We recommend that companies review their consumer financial products and services contracts to identify and modify any contract terms that may violate the CFPA’s prohibition on deceptive acts and practices. Note that the CFPB will hold a company liable for misleading and unenforceable contract terms even if the terms are provided by one of the industry’s contract form providers or commonly found in industry contracts. Our attorneys are experienced in reviewing consumer contracts and can help companies mitigate any potential UDAAP concerns.

It is often not an easy task to identify contract terms that violate federal or state laws. Many companies have sought to protect themselves by using prefatory language such as “except where prohibited by law” in situations where the law is unclear as to whether a contract provision is lawful or where the company is using a contract in several states and the contract provision is unlawful in one or more states but not in all states in which the company does business. As stated above, the CFPB will consider such prefatory language to be deceptive. Companies must carefully scrutinize all consumer contracts to identify contract provisions that expressly or implicitly waive consumer rights or increase consumer obligations above what the law may allow, research the legality of such contract provisions, and excise provisions that violate and even arguably violate federal or state law. This is by no means a simple project. Companies will need to engage counsel experienced in consumer financial services law to do that work.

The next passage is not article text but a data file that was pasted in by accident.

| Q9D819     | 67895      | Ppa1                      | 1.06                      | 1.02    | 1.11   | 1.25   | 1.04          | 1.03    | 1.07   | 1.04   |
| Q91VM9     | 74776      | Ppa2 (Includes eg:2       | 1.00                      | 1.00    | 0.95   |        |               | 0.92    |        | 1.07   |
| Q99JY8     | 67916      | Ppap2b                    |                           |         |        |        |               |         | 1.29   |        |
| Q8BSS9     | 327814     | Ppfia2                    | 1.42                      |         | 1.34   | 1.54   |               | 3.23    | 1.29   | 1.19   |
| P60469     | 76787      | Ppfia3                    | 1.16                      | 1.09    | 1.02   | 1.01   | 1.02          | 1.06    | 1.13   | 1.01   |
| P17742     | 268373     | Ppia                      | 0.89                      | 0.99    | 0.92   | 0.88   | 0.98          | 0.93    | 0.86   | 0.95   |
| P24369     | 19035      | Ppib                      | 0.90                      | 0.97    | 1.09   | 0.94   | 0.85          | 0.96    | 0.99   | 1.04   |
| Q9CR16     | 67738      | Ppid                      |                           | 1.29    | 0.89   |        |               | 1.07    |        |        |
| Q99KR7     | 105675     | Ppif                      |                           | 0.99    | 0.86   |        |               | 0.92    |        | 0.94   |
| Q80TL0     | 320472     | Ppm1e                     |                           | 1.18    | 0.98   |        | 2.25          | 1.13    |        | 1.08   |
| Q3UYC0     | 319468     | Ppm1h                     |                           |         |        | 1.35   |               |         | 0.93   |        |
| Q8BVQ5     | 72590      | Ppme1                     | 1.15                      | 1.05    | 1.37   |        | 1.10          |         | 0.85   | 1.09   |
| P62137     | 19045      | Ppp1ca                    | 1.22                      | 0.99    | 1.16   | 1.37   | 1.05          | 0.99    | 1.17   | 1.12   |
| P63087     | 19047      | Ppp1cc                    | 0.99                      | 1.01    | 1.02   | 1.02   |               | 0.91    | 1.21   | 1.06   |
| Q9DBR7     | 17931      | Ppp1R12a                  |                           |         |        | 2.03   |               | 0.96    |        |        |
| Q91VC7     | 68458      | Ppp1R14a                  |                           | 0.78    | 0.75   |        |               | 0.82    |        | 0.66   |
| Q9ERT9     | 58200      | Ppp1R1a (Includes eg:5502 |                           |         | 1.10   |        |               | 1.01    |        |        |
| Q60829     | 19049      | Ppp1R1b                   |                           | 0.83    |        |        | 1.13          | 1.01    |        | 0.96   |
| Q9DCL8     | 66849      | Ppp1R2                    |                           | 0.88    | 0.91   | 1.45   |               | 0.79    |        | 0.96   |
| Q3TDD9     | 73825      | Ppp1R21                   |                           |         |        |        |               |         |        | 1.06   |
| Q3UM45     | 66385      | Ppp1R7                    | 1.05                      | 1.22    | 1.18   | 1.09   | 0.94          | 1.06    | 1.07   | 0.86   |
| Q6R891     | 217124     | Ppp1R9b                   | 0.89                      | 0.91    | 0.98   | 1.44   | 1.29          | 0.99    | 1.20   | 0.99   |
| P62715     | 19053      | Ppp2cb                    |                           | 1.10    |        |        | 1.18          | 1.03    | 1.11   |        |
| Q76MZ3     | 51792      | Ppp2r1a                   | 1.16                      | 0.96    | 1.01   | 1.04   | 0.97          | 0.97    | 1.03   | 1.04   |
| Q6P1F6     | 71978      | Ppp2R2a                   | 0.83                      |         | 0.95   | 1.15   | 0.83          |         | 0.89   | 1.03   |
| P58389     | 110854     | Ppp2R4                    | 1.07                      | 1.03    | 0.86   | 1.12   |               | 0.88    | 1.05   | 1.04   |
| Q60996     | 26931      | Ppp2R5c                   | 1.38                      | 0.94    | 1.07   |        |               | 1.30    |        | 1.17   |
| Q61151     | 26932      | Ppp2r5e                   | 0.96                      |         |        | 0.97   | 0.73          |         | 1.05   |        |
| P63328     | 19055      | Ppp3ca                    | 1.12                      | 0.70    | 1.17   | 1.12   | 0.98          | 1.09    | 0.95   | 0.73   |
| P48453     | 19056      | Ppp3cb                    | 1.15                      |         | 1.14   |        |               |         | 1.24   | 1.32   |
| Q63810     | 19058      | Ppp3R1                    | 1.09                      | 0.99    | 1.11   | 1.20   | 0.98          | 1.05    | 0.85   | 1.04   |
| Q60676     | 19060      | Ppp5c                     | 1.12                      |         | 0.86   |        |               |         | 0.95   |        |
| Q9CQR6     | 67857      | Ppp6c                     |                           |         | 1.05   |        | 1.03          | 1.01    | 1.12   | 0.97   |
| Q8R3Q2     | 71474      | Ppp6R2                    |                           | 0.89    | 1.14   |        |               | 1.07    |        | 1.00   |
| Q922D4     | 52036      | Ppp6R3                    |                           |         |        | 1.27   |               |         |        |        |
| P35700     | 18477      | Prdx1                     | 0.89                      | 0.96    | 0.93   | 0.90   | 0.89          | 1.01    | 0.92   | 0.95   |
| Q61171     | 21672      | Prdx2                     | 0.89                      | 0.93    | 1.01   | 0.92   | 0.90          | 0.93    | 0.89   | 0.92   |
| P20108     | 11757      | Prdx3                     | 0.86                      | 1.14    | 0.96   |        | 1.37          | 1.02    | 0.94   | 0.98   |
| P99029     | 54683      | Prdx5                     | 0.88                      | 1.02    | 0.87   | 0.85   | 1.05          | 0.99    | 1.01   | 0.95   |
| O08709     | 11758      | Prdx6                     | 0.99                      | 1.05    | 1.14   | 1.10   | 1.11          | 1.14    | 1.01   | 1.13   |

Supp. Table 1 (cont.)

Although some have questioned whether the issuance of this Circular one day after the release of the final rule for the Registry of Nonbank Covered Persons Subject to Certain Agency and Court Orders may mean that the CFPB has decided to abandon finalizing the proposed registry of form contracts used by certain non-banks, we believe that the CFPB has not abandoned the registry. In the proposal for the registry, the CFPB included the following contract terms, some of which may not be covered by the Circular because they are lawful:

  • Precluding the consumer from bringing a legal action after a certain period of time;
  • Specifying a forum or venue where a consumer must bring a legal action in court;
  • Limiting the ability of the consumer to file a legal action seeking relief for other consumers or to seek to participate in a legal action filed by others;
  • Limiting liability to the consumer in a legal action including by capping the amount of recovery or type of remedy;
  • Waiving a cause of legal action by the consumer, including by stating a person is not responsible to the consumer for a harm or violation of law;
  • Limiting the ability of the consumer to make any written, oral, or pictorial review, assessment, complaint, or other similar analysis or statement concerning the offering provision of consumer financial products or services by the supervised registrant;
  • Waiving, whether by extinguishing or causing the consumer to relinquish or agree not to assert, any other identified consumer legal protection, including any specified right, defense, or protection afforded to the consumer under Constitutional law, a statute or regulation, or common law; and
  • Requiring that a consumer bring any type of legal action in arbitration.